As an architect, one has to overcome the fear of heights, especially if he is working on a project that is quite tall.
What you experience when you are at the top of your ''creation'' is indescribable, to a certain extent.
Of course, the view that you get during daytime isn't as great until the sun starts to set.
The sun's rays cast a slight orange glow on the buildings. You can see the MBKS building to the top right of the image.
Depending on the height of the sun in the sky, you may get a brilliant yellow...
... or a dusky orange colour.
And when the sun sets, I can testify that Kuching is indeed, very beautiful from the air.
As you can see, the sky changes its colour very quickly, and within a few moments, the pink skies aren't as intense as what they looked like a while ago.
When you turn to the north, Wisma Bapa Malaysia stands out as a golden lamp out of all its peers.
Its interesting that when you start to zoom into the details of your photo, everything seems clearer; waterfront, Electra House are easily recognizable among the zillions of metal pitched roofs out there.
Having a wide-angle lens is so much fun because you can either try to get the buildings to appear perfectly vertical..
Or tilt the lens below or above the horizon line to get more dramatic angles.
Of course one shouldn't just concentrate on one spot only. The surrounding buildings also can be used for pretty pictures.
Thank God for lovely evening weather this past few days. I think I can get hooked on this sorta thing :P
Saturday, May 30, 2009
As an architect, one has to overcome the fear of heights, especially if he is working on a project that is quite tall.
Posted by brandon at 3:02 am
Tuesday, May 26, 2009
"Forgive me Lord, for I hath not been updating my blog as often as I should"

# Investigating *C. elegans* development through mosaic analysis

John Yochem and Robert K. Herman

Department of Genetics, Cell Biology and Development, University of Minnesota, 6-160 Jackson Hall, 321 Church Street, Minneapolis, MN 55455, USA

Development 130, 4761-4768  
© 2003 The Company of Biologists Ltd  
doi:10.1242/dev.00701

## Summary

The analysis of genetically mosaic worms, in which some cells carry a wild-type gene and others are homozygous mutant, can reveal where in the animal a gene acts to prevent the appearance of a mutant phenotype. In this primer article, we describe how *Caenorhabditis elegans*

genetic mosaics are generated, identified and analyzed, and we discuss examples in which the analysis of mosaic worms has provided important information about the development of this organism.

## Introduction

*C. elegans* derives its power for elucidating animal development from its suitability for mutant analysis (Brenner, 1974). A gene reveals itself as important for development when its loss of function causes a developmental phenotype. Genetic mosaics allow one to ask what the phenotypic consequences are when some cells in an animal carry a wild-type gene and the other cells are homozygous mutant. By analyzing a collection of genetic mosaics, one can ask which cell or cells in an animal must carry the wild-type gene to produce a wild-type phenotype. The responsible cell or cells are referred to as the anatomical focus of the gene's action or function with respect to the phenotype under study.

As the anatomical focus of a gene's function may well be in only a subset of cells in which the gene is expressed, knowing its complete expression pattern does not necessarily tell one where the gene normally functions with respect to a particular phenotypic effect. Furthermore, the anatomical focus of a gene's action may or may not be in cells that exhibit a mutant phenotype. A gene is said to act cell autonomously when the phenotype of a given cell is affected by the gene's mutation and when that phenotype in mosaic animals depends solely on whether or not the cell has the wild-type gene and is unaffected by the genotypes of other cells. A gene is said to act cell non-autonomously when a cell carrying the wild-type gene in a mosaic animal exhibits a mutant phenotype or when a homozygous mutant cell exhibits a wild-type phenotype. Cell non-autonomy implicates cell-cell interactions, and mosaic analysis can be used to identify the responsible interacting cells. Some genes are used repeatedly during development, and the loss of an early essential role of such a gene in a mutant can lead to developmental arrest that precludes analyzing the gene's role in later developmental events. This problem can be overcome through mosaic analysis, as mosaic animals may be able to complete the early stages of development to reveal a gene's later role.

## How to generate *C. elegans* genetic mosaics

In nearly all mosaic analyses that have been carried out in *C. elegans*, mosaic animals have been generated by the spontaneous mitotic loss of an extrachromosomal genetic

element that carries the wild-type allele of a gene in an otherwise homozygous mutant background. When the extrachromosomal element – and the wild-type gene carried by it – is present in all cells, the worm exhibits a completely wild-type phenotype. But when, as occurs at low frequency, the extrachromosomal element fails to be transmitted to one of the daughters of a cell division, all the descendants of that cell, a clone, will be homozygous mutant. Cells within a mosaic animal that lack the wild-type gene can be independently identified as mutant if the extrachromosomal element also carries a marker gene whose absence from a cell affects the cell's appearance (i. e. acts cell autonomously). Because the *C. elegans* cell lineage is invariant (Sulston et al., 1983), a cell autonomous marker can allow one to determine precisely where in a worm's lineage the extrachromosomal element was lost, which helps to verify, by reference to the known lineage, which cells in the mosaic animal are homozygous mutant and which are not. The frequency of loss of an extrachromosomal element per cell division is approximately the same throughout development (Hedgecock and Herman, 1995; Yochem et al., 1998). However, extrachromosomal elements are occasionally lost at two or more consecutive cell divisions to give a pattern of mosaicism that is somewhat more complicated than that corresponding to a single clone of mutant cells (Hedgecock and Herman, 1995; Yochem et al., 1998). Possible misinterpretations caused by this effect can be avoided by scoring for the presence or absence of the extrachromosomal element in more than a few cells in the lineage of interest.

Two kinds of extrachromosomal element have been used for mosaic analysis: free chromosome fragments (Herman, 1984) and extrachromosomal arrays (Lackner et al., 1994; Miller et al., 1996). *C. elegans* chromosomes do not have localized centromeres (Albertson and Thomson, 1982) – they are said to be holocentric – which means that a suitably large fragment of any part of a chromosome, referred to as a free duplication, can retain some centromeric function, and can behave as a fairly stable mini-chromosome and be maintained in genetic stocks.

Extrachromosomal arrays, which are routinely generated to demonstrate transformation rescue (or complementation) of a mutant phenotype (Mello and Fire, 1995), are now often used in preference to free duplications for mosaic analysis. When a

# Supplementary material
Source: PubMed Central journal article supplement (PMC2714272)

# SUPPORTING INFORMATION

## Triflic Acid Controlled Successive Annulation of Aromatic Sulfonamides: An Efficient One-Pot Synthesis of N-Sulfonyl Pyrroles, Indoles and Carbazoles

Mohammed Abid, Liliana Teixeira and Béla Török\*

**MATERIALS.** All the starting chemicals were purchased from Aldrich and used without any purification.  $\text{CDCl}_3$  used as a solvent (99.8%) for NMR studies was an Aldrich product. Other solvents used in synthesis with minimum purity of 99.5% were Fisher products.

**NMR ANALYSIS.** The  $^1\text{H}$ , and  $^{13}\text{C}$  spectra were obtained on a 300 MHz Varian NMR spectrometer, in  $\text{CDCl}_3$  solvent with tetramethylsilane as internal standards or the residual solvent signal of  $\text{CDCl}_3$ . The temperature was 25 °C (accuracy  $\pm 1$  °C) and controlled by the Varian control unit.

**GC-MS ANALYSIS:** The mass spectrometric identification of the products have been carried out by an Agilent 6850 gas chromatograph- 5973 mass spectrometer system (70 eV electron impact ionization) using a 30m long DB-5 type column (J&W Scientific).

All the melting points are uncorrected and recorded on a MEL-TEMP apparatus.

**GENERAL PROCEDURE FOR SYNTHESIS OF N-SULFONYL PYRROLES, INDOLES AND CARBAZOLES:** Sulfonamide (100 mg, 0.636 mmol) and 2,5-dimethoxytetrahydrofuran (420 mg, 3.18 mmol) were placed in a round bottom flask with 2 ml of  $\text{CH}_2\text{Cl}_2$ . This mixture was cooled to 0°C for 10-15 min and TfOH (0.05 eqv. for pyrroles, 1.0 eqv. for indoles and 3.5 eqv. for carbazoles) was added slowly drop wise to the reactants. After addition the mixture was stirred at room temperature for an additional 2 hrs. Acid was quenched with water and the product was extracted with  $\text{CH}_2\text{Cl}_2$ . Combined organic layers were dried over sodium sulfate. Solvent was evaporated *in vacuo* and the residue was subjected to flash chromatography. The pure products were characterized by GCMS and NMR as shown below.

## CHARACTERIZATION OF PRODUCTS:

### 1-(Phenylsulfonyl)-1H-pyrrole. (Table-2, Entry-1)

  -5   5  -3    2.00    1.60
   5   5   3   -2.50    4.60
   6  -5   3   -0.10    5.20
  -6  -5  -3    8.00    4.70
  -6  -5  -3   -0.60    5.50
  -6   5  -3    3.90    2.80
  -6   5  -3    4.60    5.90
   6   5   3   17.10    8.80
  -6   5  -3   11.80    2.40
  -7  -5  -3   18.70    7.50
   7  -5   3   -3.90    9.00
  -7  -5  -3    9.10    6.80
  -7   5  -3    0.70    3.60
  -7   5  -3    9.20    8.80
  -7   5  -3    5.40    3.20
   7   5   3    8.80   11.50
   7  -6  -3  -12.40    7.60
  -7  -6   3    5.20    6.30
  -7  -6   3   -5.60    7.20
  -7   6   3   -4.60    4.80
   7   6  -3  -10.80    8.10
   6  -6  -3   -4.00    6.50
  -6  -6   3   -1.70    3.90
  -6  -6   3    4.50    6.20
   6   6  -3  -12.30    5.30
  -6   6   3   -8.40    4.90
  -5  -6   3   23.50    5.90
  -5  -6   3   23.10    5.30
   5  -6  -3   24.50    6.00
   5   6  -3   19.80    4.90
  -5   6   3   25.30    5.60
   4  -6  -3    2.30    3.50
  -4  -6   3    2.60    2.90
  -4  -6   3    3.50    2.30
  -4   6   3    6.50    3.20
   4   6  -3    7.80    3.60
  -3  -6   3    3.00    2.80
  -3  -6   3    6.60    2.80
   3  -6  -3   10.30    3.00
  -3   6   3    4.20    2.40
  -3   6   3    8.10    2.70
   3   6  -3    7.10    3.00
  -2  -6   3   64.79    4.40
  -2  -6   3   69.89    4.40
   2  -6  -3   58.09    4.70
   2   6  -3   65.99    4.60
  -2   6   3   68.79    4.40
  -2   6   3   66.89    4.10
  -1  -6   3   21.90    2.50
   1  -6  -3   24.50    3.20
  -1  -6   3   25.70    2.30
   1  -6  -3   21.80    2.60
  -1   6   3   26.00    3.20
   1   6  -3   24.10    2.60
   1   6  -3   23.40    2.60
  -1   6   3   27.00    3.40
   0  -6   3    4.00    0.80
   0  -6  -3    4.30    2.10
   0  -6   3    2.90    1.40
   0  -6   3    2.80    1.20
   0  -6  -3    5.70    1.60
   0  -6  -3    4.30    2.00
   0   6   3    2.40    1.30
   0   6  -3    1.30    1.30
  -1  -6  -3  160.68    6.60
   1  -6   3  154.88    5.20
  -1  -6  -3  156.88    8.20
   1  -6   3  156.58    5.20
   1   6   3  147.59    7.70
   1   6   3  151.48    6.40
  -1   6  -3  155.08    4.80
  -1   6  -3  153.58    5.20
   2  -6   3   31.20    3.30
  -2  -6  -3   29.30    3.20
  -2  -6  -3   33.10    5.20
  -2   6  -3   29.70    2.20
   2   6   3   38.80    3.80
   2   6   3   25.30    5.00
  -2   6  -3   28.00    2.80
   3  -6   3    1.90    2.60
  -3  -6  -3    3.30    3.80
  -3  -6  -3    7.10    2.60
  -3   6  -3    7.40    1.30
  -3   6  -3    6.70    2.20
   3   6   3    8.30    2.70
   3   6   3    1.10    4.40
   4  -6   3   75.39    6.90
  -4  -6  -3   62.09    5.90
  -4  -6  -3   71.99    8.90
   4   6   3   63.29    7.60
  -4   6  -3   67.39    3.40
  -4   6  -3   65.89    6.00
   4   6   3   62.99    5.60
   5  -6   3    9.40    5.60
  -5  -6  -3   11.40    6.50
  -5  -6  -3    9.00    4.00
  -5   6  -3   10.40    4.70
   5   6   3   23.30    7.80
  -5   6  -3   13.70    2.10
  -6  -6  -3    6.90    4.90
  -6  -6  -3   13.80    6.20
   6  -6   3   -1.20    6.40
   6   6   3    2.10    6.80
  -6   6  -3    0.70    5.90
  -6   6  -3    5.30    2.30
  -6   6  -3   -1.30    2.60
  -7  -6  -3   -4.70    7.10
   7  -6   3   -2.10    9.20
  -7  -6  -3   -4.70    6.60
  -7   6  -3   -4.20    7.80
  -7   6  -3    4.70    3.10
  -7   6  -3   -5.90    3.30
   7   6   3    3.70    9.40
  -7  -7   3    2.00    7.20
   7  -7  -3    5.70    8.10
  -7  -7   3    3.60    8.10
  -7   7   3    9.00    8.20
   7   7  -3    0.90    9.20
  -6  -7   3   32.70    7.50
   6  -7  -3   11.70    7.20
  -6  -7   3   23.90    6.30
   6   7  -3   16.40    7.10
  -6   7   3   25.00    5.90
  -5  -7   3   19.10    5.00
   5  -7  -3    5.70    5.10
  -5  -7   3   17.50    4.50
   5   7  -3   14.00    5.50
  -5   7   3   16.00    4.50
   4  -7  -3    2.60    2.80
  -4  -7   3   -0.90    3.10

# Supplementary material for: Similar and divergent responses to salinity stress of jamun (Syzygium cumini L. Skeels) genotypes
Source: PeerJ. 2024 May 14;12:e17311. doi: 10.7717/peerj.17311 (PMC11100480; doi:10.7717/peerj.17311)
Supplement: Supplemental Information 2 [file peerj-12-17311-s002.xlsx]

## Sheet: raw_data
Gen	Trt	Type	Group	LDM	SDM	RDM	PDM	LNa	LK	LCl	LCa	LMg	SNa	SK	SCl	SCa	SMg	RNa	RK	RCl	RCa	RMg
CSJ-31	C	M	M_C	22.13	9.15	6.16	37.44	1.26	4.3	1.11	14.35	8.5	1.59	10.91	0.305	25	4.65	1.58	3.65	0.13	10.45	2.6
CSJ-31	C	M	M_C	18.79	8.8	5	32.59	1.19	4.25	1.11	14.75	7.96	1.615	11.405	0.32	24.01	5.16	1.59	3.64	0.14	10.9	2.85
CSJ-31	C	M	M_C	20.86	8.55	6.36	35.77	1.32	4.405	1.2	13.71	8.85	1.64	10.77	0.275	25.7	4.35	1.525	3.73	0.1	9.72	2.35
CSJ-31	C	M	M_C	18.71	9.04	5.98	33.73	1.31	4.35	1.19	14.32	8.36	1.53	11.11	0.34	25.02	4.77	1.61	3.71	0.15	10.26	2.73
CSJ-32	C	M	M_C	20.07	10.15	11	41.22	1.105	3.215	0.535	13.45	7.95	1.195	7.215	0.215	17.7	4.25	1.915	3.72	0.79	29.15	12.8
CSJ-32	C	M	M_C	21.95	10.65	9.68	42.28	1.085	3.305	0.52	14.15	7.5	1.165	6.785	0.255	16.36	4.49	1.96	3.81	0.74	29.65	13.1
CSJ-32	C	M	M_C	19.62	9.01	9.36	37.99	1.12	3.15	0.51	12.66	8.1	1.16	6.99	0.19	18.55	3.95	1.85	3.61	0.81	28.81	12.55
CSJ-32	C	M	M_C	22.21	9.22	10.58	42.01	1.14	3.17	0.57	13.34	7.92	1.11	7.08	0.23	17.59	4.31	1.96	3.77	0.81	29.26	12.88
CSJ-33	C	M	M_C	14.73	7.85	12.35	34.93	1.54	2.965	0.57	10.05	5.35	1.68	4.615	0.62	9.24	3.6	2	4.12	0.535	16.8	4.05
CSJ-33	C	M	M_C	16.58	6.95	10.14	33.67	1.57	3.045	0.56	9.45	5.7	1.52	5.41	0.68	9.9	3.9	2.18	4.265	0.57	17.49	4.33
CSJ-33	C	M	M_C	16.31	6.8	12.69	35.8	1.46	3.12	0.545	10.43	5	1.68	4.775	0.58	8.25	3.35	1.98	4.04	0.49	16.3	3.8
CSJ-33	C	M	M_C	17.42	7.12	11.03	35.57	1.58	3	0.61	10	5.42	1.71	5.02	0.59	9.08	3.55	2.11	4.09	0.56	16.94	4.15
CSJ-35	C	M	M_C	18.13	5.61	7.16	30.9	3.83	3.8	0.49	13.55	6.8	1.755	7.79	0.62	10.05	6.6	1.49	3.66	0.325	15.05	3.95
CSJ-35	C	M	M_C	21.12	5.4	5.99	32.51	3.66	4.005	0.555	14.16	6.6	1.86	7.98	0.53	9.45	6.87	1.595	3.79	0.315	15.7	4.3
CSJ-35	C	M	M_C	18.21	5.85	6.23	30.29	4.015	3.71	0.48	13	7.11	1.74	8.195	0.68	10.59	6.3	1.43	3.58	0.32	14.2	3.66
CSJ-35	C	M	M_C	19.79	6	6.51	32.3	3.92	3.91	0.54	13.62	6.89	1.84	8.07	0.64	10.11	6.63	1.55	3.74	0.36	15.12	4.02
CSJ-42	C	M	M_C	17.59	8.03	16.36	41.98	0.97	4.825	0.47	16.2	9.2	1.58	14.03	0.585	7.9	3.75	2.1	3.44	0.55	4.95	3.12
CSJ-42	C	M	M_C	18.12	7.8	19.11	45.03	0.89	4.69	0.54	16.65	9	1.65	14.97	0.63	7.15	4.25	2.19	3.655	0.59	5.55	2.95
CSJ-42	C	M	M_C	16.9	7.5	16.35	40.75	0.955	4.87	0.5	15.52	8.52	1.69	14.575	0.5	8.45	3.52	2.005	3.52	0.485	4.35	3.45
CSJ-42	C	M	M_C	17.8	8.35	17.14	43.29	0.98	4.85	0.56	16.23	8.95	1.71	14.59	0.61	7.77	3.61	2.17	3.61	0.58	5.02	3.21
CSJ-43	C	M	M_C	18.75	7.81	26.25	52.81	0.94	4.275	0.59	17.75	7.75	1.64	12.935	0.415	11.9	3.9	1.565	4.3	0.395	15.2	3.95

In case everyone's wondering, I'm still alive, albeit floating aimlessly in Kuching. Work has indeed taken its toll on me (physically and mentally). I'm still photographing, but I guess I'll be more selective with my future postings.
I visited the MBKS (Majlis Bandaraya Kuching Selatan) building one evening with the hope that I will be able to obtain some nice evening shots. Unfortunately they did not turn on the lights, so I left 'empty-handed'.
I visited the Zecon wharf with 2 members from KFK (Kelab Fotografi Kenyalang) members; Yusri and Asfan. They're a nice bunch to mix with, and it reminds me of the times we had street photography sessions with my mates in Melbourne.
A week before the World Harvest Festival event at the Sarawak Cultural Village, there was an opening show at the Spring to determine which of the contestants would take home the "Miss Spring" title.
Naturally, the first contestant, who's of Kenyah - Chinese parentage, Janet Bennet impressed the judges with her fair complexion as well as her slim and tall figure. The 18-year-old lass is currently pursuing a diploma in Public Administration at UiTM and hopes to be a lawyer.